Many Americans of many different backgrounds have been gripped with fear over the possible consequences of the recent presidential election. But one group of "undesirable" Americans has been overlooked. This is a different kind of group, one not based on ethnicity or religion, but rather employment status.
Thousands of Oregonians are either employees or owners of cannabis businesses. To the extent that they are involved in the recreational cannabis market, they are—in order to pay the rent and feed their families—committing federal felonies on a daily basis. And now the threat of a job loss or jail time looms over their lives like never before.
As Smoke Signals said last week, Trump's position on states' legalization of recreational cannabis is clear as mud. By contrast, the position of Jeff Sessions, his new Attorney General, is clear as day. "Good people don't smoke marijuana," Sessions said earlier this year. "We need grown-ups in charge in Washington to say marijuana is not the kind of thing that ought to be legalized... It's in fact a very real danger."
Sessions has not specified how or why cannabis is dangerous, which is unsurprising since there is actually no evidence to support his position. But Session's position is shared by Vice President-Elect Mike Pence, whom Trump has reportedly offered the responsibility of being "in charge of all domestic policy." With that responsibility comes a unique opportunity for Pence and Sessions.
The size of the recreational cannabis market is set to nearly triple with the addition of California, Massachusetts, Nevada and Maine to the list of states where recreational cannabis businesses will be allowed. And of course the markets in Colorado, Washington, Oregon and Alaska, where recreational cannabis is already legal, are growing quickly too.
That means there will soon be many, many more owners and employees of recreational cannabis businesses around the country. And with these states receiving huge streams of tax revenue and reporting few if any negative social consequences from legalization, the list of legalizing states is set to grow beyond the current tally of eight.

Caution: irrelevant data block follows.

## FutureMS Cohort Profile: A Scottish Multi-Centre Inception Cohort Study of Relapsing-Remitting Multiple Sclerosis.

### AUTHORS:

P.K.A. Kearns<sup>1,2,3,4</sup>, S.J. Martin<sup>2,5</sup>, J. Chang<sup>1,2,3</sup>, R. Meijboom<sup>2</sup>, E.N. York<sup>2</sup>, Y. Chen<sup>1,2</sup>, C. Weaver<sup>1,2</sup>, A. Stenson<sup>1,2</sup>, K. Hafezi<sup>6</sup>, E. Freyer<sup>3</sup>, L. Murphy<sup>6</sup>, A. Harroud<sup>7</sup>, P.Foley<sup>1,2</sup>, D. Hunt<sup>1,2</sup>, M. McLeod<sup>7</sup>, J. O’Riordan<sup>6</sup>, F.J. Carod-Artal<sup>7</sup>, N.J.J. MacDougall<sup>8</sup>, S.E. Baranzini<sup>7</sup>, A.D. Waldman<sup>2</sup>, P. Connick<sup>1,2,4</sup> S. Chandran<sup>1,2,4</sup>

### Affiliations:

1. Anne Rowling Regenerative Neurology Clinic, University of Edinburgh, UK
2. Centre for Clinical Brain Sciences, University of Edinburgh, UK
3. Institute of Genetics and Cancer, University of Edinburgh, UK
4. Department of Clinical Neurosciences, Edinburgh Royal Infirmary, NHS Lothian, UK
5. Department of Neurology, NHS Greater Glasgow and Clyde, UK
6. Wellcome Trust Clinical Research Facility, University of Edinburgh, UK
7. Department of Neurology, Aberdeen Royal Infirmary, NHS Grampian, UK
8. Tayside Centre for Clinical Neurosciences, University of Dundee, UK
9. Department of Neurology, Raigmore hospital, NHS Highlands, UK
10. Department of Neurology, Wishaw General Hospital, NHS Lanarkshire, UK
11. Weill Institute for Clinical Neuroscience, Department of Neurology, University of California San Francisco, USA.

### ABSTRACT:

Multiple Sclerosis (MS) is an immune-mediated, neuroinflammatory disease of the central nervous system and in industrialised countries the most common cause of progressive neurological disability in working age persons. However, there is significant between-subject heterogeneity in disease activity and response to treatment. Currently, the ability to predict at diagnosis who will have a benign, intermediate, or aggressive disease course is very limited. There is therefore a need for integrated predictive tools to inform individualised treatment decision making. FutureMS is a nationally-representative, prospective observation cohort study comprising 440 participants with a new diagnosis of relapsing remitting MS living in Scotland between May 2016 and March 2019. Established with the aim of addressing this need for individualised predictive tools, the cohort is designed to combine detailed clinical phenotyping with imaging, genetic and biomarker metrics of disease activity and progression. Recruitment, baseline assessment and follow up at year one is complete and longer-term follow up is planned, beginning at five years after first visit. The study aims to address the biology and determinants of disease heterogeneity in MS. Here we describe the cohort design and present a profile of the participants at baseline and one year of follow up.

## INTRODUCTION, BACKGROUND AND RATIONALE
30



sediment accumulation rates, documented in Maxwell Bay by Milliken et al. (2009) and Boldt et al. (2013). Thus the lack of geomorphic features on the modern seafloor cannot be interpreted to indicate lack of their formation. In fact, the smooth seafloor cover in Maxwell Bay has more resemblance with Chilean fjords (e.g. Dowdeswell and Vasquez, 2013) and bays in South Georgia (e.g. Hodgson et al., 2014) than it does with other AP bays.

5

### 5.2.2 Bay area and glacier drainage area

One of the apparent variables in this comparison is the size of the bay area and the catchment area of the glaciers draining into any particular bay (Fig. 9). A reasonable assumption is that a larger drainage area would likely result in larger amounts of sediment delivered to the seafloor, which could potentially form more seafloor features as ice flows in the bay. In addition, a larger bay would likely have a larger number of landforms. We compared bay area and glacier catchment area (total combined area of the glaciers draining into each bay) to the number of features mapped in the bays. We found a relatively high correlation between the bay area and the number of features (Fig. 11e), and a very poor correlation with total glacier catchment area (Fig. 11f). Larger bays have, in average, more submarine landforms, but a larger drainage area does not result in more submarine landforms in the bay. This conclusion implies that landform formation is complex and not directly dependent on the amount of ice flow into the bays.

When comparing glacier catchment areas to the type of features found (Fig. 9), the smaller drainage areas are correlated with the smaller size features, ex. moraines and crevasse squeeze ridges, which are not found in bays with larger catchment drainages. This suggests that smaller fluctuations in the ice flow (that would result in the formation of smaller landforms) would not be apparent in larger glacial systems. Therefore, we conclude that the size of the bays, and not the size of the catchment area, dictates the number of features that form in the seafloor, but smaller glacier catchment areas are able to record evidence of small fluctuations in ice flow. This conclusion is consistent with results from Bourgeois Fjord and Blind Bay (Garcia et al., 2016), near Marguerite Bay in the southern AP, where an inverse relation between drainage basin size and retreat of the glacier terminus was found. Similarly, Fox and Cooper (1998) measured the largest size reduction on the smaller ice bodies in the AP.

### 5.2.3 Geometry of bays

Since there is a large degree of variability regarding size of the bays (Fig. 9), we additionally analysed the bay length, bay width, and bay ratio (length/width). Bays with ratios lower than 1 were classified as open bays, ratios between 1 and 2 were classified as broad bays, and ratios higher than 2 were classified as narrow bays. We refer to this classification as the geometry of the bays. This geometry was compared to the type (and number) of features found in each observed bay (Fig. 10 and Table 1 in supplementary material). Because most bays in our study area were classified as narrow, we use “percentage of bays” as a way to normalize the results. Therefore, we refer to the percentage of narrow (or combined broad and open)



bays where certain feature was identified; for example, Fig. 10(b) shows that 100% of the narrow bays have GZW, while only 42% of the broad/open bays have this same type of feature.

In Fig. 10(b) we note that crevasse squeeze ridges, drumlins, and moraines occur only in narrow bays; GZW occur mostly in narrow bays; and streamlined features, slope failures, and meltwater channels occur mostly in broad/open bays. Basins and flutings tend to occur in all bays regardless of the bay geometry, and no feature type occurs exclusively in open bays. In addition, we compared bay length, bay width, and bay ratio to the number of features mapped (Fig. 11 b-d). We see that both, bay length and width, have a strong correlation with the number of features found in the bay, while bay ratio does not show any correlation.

But the unholy triumvirate of Trump, Pence and Sessions has the opportunity to nip it in the bud, as it were, to put an immediate halt to the spread of legal recreational cannabis across America. Although it is settled law that medical cannabis is up to each state individually, it is equally clear that federal law renders the states' recreational cannabis laws unconstitutional. Those laws have only survived this long thanks to the Obama administration looking the other way.
Just as the Obama administration sued Arizona in 2010 to block its controversial immigration law targeting Hispanics, the Trump administration could sue the legal recreational cannabis states and obtain an order declaring the law unconstitutional and ordering the states to revoke all such business licenses. Then the Department of Justice could use those state records to track down and prosecute business owners, growers and even employees.
Prosecuting tens of thousands of people for trafficking cannabis is probably as likely as a roving deportation force rounding up all undocumented people, or a federal registry tracking all Muslims living in the United States. But, however unlikely that may seem, a lawsuit filed in January, before the newly legalizing states get too far into their process, is more likely. It now seems like a very real possibility that the new year may bring the end of America's experiment with recreational cannabis legalization for the foreseeable future.